A Post-American Europe? Not Just Yet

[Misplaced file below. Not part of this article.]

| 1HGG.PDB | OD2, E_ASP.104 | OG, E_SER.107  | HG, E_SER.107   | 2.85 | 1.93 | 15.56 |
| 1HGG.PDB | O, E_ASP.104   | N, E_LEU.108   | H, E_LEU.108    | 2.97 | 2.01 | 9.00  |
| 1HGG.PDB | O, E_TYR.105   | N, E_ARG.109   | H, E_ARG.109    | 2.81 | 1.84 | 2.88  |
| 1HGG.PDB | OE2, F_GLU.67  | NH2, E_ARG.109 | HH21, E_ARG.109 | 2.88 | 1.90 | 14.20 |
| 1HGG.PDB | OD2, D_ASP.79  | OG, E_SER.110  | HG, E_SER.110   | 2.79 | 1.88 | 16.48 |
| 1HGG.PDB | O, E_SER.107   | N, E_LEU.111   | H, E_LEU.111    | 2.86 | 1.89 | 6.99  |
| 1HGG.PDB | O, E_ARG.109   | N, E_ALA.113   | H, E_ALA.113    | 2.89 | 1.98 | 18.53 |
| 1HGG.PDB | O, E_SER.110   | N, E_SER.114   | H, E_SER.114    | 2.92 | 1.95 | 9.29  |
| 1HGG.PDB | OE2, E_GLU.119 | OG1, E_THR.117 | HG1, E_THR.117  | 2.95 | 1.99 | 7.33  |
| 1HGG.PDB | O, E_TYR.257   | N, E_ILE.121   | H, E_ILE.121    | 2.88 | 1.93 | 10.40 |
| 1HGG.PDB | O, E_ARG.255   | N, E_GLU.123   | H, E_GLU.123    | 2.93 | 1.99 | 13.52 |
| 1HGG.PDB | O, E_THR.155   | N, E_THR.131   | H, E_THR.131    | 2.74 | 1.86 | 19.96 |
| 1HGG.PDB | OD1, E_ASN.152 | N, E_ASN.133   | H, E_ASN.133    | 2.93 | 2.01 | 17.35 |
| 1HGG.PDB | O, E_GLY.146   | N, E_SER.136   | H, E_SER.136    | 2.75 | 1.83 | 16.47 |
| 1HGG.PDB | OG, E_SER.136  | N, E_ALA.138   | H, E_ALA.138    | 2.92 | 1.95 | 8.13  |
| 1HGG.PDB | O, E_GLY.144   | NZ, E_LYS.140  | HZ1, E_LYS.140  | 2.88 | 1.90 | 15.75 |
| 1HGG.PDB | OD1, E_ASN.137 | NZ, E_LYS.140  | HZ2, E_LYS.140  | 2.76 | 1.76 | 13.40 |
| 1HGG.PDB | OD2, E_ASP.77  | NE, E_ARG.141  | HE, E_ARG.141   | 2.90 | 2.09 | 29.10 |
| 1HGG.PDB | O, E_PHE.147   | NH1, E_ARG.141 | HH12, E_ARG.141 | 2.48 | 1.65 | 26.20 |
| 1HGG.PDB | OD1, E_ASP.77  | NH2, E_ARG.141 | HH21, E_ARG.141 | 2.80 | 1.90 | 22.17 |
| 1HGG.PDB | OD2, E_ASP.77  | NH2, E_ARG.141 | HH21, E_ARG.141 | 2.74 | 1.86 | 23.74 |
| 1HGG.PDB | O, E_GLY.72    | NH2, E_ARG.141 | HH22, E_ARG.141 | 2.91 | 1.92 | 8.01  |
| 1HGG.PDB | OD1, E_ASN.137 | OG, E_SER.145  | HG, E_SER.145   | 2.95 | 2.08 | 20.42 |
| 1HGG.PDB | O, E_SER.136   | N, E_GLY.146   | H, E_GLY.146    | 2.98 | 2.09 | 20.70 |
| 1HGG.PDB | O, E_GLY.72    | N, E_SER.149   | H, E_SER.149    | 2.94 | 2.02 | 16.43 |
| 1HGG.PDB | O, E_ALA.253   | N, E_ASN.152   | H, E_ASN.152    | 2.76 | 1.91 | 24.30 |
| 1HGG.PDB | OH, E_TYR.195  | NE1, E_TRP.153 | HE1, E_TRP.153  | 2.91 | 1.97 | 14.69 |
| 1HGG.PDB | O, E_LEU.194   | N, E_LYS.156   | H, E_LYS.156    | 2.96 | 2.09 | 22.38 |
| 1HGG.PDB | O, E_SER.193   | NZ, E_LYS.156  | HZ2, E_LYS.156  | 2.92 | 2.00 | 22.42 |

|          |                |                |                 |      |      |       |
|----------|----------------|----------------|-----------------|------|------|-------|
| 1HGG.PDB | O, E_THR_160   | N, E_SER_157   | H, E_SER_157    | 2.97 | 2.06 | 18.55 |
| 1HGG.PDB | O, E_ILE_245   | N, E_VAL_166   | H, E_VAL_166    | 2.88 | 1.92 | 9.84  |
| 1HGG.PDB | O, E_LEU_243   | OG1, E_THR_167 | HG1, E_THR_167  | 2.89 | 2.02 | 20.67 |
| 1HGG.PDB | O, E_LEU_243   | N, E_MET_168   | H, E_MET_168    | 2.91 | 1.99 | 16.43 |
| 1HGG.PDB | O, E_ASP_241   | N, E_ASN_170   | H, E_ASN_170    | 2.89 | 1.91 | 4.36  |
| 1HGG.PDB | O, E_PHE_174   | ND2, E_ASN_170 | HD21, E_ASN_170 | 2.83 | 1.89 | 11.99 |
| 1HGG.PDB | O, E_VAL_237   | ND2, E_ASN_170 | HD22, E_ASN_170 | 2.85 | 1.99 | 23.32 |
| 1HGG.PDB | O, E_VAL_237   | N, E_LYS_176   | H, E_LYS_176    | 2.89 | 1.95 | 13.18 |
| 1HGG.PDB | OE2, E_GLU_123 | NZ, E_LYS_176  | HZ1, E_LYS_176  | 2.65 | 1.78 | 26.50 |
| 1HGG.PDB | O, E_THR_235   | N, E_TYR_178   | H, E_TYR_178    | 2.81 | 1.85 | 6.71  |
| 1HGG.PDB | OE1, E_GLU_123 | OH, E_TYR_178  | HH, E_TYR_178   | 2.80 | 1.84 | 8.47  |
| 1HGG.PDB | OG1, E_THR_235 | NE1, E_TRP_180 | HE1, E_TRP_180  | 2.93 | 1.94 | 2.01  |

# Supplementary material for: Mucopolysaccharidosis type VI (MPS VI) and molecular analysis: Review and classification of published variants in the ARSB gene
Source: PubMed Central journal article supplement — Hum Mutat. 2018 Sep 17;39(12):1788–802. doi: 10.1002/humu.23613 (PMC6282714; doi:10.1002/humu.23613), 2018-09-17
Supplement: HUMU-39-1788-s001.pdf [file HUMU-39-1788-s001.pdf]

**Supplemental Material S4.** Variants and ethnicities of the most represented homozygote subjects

PARIS—The Obama administration’s new defense strategy should come as no surprise to observers in France and across Europe. The question of rebalancing American military involvement between Europe and the Asia-Pacific has been a recurring theme of transatlantic relations and of U.S. policy debates since at least the 1950s. In large part, it reflects the historical evolution of U.S. perceptions of the transatlantic relationship, from what the United States should do for Europe to what it should do with Europe. In the context of economic austerity, this evolution assumes an even more urgent quality. There are certainly legitimate reasons for concern. The stationing of U.S. troops in Europe is not only a key component of deterring potential aggression against U.S. allies, it also significantly enhances its power projection capabilities by locating U.S. forces closer to hotspots in the Middle East, North Africa, and Europe’s eastern periphery. A recessed U.S. posture in Europe will have direct implications for the military’s ability to respond to future conflicts or strategic surprises. In the lead-up to intervening in Libya, confusion related to the United States’ role illustrated the increasing and dangerous ambiguity that underscores U.S.-European strategic relations. Whereas the United States “transferred” the command and control of the Libya mission to its European allies, Europeans had been counting on U.S. leadership to conduct the military operations. At the same time, closer strategic cooperation between the United States and Europe has become even more vital in an unpredictable environment being transformed by the emergence of new powers and threats. In Obama’s words, U.S. rebalancing should “create new opportunities for burden-sharing.” Indeed, the key questions induced by an increasingly Asia-oriented U.S. foreign policy do not concern the United States’ military posture in Europe itself, but rather whether Europe is ready to take responsibility for hard security matters in and around Europe, and across the world. France’s chief of the defense staff, Admiral Edouard Guillaud, recently noted that while “Europe is disarming, the world is rearming,” a trend that could impact Europe’s future in terms of its power projection and influence in world politics. Burden sharing need not entail a geographical division of labor between Americans and Europeans, whereby the United States focuses on Asia and the Middle East, while Europeans concentrate on their near and Mediterranean neighborhoods. Under certain circumstances, the United States will need European support, as in Afghanistan or sub-Saharan Africa. In others, the EU will need U.S. support and unique capabilities, as in Libya. Defining clear modalities of transatlantic cooperation would help avoid future Libya-like scenarios. It is as yet unclear whether Europe is ready for all this. While the United States would wish for Europe to develop a more coherent military capacity, Europe is actually evolving in the opposite direction. At the present juncture, virtually no European country has the will or the means to assume these responsibilities. European decision-makers may have welcomed Obama’s commitment to draw to a close the perceived over-militarization of the post-9/11 era, but the Libyan campaign showed that hard power still matters in the 21st century. Ad hoc coalitions are a short-term solution, Franco-British defense cooperation suffers from ideological divergences, and Germany is occupied dealing with the Euro crisis. NATO can therefore be expected to continue to enhance interoperability and coalition building, rather than acting as the core transatlantic security alliance. What may appear a pragmatic and natural shift in U.S. geostrategic priorities to Asia and the Middle East means fewer resources for the traditional transatlantic alliance. But this does not entail a post-American Europe or less U.S. interest in the transatlantic partnership. On the contrary, the Obama administration has, in a way, renewed its defense commitments to Europe and acknowledged the continuing strategic importance of Europe in terms of ongoing security challenges and unresolved conflicts. Alexandra de Hoop Scheffer is Director of the German Marshall Fund’s Paris office.
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